Year 638 (DCXXXVIII) was a common year starting on Thursday (link will display the full calendar) of the Julian calendar. The denomination 638 for this year has been used since the early medieval period, when the Anno Domini calendar era became the prevalent method in Europe for naming years.
|Ab urbe condita||1391|
|Balinese saka calendar||559–560|
|Chinese calendar||丁酉年 (Fire Rooster)|
3334 or 3274
— to —
戊戌年 (Earth Dog)
3335 or 3275
|- Vikram Samvat||694–695|
|- Shaka Samvat||559–560|
|- Kali Yuga||3738–3739|
|Minguo calendar||1274 before ROC|
|Seleucid era||949/950 AG|
|Thai solar calendar||1180–1181|
764 or 383 or −389
— to —
765 or 384 or −388
- Emperor Heraclius creates a buffer zone (or no man's land) in the heartland of Asia Minor. In the mountainous terrain of Anatolia, the Byzantine forces develop a system of defensive guerrilla warfare. The strategy is known as ‘shadowing warfare’, as it avoids battle with major Muslim invaders, and instead attacks raiding parties on their return when they are laden with booty, captured livestock or prisoners.
- July 4 – Heraklonas, age 12, son of Heraclius, obtains (through the influence of his mother Martina) the title of Augustus. This brings him in rivalry with his elder half-brother Constantine.
- Heraclius issues his Ekthesis, espousing the Monothelete doctrine (that there is only one will in Christ), and setting it forth as the official doctrine of the Eastern Orthodox Church. The Ekthesis is vigorously opposed, notably by Maximus the Confessor.
- King Oswald and his Northumbrian army besiege and conquer Edinburgh (Scotland). His half-brother, Oswiu of Bernicia, marries Princess Rhiainfelt, heiress of North Rheged ("Old North"). Northumbria embraces North Rheged in a peaceful takeover, and Oswiu becomes a sub-king (approximate date).
- January – The Plague of Amwas breaks out.
- Autumn – The Arabian forces under Abu Ubaidah ibn al-Jarrah storm Caesarea Maritima, capital of Byzantine Palestine, and effect their final capture of Ascalon (modern Israel). Caliph Umar I stops the Muslim invasion, and appoints Abu Ubaidah governor of Syria.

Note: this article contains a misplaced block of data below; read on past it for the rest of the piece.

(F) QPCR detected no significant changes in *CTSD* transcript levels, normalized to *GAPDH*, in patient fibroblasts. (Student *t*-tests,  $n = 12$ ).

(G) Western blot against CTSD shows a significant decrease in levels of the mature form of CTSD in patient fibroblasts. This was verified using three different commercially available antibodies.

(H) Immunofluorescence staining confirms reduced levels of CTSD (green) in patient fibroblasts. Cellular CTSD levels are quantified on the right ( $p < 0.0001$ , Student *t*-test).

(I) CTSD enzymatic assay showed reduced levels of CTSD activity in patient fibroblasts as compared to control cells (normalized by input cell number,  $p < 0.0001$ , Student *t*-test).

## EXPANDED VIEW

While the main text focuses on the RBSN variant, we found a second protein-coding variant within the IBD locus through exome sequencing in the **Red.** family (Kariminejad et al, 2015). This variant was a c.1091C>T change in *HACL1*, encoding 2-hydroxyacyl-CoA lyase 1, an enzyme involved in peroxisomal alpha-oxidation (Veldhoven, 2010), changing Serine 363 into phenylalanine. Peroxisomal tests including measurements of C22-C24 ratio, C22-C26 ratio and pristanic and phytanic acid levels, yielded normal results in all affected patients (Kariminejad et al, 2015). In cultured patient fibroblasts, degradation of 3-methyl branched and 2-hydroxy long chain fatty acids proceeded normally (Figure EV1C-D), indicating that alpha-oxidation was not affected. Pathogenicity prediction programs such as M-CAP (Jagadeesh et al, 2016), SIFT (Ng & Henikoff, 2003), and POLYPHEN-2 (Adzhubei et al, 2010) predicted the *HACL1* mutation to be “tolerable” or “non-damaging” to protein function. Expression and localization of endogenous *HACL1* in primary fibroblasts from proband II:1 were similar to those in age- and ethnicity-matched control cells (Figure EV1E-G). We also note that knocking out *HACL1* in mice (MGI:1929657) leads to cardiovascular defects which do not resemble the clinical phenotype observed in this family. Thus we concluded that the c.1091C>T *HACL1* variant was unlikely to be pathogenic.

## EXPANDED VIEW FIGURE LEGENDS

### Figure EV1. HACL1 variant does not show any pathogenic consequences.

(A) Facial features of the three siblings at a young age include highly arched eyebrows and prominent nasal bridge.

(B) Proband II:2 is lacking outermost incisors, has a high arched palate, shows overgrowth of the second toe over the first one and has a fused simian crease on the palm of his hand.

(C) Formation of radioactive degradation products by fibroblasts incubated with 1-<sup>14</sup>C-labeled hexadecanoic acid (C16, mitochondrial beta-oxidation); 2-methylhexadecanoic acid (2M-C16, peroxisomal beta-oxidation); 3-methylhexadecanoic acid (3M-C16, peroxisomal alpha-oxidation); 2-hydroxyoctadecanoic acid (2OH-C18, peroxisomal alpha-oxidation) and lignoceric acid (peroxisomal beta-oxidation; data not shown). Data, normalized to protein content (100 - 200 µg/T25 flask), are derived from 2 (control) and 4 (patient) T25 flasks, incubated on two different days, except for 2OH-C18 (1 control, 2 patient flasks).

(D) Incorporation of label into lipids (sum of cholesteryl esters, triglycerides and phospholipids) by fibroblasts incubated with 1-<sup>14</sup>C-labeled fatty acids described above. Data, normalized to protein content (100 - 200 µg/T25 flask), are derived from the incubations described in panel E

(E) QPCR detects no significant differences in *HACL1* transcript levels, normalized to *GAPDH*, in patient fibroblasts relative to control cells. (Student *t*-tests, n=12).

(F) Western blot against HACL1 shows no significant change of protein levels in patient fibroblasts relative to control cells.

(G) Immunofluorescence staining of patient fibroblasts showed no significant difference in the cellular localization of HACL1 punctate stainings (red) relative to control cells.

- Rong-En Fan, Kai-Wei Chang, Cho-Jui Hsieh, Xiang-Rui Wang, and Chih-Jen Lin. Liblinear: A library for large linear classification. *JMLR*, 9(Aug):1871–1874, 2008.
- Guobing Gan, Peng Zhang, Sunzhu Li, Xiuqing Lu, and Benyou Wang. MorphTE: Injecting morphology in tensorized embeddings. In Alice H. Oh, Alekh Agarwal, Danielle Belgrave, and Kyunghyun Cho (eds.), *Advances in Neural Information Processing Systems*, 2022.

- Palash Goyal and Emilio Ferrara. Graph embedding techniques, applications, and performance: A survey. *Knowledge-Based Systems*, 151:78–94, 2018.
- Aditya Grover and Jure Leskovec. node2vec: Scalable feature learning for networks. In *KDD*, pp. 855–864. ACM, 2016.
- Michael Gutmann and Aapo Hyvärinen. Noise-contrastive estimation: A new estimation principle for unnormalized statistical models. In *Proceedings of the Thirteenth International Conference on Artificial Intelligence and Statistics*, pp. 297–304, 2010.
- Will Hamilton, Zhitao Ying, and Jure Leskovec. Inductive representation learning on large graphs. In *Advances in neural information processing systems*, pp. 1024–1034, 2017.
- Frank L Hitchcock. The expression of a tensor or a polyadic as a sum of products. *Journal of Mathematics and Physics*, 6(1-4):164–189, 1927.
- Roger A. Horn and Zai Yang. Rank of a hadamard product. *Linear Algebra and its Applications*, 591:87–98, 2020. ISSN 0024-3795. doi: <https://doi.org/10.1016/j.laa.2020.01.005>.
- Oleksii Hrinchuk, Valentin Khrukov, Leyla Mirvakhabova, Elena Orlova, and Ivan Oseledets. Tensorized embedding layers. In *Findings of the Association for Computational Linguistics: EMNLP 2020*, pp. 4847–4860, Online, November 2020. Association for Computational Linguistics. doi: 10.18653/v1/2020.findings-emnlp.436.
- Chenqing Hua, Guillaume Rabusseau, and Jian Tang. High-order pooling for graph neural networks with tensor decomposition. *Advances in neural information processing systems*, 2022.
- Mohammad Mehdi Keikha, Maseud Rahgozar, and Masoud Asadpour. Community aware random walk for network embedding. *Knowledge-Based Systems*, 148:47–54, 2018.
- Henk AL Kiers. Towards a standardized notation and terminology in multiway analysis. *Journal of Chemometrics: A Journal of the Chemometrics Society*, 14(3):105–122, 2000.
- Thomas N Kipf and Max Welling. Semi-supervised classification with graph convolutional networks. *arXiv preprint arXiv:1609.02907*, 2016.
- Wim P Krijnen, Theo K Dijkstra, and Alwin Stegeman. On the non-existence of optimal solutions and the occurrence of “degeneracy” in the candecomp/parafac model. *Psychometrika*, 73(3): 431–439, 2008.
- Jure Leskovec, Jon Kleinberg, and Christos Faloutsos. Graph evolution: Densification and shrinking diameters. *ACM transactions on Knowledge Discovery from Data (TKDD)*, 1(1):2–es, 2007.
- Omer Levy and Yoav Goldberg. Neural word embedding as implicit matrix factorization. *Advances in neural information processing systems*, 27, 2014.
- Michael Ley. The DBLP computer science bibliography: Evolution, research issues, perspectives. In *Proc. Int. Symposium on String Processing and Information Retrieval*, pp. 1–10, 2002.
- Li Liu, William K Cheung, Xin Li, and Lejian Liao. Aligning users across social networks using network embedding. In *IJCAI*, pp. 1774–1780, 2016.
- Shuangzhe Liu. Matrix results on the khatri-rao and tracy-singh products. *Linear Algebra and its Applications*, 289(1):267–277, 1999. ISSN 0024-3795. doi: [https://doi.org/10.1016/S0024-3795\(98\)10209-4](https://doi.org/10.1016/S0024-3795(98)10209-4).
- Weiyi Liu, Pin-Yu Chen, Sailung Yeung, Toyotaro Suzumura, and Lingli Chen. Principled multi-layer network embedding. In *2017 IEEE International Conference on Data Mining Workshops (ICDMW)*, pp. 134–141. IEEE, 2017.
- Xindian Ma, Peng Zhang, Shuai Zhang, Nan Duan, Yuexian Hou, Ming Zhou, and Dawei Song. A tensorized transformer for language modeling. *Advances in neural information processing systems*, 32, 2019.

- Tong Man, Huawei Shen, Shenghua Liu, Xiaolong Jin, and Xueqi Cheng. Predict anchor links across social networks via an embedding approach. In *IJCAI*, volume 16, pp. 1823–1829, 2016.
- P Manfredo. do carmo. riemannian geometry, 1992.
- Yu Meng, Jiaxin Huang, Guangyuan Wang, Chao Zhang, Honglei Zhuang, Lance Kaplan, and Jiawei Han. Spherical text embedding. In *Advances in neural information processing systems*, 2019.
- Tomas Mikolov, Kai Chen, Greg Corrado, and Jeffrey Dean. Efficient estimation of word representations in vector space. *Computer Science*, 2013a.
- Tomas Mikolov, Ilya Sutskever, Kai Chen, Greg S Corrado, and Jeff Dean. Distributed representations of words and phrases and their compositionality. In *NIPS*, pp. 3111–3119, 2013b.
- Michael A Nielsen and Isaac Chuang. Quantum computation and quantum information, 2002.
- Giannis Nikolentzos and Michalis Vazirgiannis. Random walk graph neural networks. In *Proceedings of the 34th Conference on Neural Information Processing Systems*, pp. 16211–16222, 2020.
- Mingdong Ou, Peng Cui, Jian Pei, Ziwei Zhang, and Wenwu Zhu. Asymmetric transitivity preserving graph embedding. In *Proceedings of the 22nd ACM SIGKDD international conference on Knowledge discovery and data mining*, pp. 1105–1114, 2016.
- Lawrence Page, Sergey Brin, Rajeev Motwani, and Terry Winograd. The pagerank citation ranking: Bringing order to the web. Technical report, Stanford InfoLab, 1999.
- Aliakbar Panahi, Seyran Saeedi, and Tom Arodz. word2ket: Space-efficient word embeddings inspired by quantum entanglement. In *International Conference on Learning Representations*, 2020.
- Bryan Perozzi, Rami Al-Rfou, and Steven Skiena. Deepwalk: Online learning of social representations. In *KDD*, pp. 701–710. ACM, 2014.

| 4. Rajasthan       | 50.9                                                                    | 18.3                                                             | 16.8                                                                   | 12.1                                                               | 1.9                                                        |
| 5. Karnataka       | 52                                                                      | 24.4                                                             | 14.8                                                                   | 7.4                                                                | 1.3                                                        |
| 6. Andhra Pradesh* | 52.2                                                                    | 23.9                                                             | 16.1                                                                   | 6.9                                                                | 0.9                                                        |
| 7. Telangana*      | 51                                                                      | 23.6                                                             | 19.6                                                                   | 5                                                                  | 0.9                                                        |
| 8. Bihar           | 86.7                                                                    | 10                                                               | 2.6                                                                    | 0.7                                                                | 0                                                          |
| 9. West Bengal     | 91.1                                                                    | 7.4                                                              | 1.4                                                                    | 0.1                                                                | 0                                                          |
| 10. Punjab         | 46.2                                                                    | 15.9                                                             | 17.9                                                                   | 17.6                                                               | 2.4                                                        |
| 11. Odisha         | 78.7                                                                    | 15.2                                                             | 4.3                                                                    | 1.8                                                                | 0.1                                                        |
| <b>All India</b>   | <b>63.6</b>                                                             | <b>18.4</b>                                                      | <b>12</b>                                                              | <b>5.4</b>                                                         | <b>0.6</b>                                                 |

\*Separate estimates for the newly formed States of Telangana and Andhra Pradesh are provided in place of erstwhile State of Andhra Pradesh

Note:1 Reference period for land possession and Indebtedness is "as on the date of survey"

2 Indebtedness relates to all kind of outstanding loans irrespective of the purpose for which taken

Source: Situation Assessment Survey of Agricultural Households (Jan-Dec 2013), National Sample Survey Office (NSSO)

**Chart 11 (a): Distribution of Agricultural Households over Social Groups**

- Arab-Byzantine War: The invading Rashidun army under Khalid ibn al-Walid moves into Anatolia, conquering (without strong Byzantine resistance) the cities of Kahramanmaraş, Caesarea Cappadociae, Sebastia, and Malatya (west of the Taurus Mountains). Arab forces march into Armenia, where they capture the cities Edessa and Amida up to the Ararat plain.
- Umar I dismisses Khalid ibn al-Walid after the conquest of Syria, owing to his ever-growing fame and influence. He wants the Muslims to know that victory comes from God, not his general.
- Abu Musa al-Asha'ari, companion (sahabah) of Muhammad, establishes Hafar al-Batin, located in the northeastern region of the Arabian Peninsula. He orders the digging for new wells, along this desert route that Muslims travel from Iraq to Mecca for the Hajj (pilgrimage).
- The Tibetan Empire, seeking an alliance through marriage with Tang dynasty China, launches an attack on Songzhou that is repelled by Chinese forces, but is followed by the marriage of the Chinese Princess Wencheng to Tibetan ruler Songtsän Gampo.
Arts and sciencesEdit
- The Islamic calendar is introduced by Abu Musa al-Asha'ari. He convinces Umar I to make notes of an era for Muslims.
- March 22 – Year 0 of the Burmese calendar, based on the Chula Sakarat, is also used in the mainland of Southeast Asia.
- October 12 – Pope Honorius I dies at Rome after a 13-year reign, and is succeeded by Severinus, but the Byzantine emperor Heraclius will delay the new pope's consecration until May 640.
- December 20 – Pyrrhus I becomes patriarch of Constantinople, after the death of Sergius I. He has been an advocate of Monothelitism and a close friend of Heraclius.
- Huineng, Chinese Zen Buddhist patriarch of the Tang dynasty (d. 713)
- March 11 – Sophronius, patriarch of Jerusalem
- October 12 – Pope Honorius I
- December 9 – Sergius I, patriarch of Constantinople
- Qin Shubao, general of the Tang dynasty
- Yu Shinan, calligrapher and official (b. 558)
- ^ Nicolle 2009, p. 52.
- Nicolle, David (2009). The Great Islamic Conquests AD 632–750. p. 52. ISBN 978-1-84603-273-8.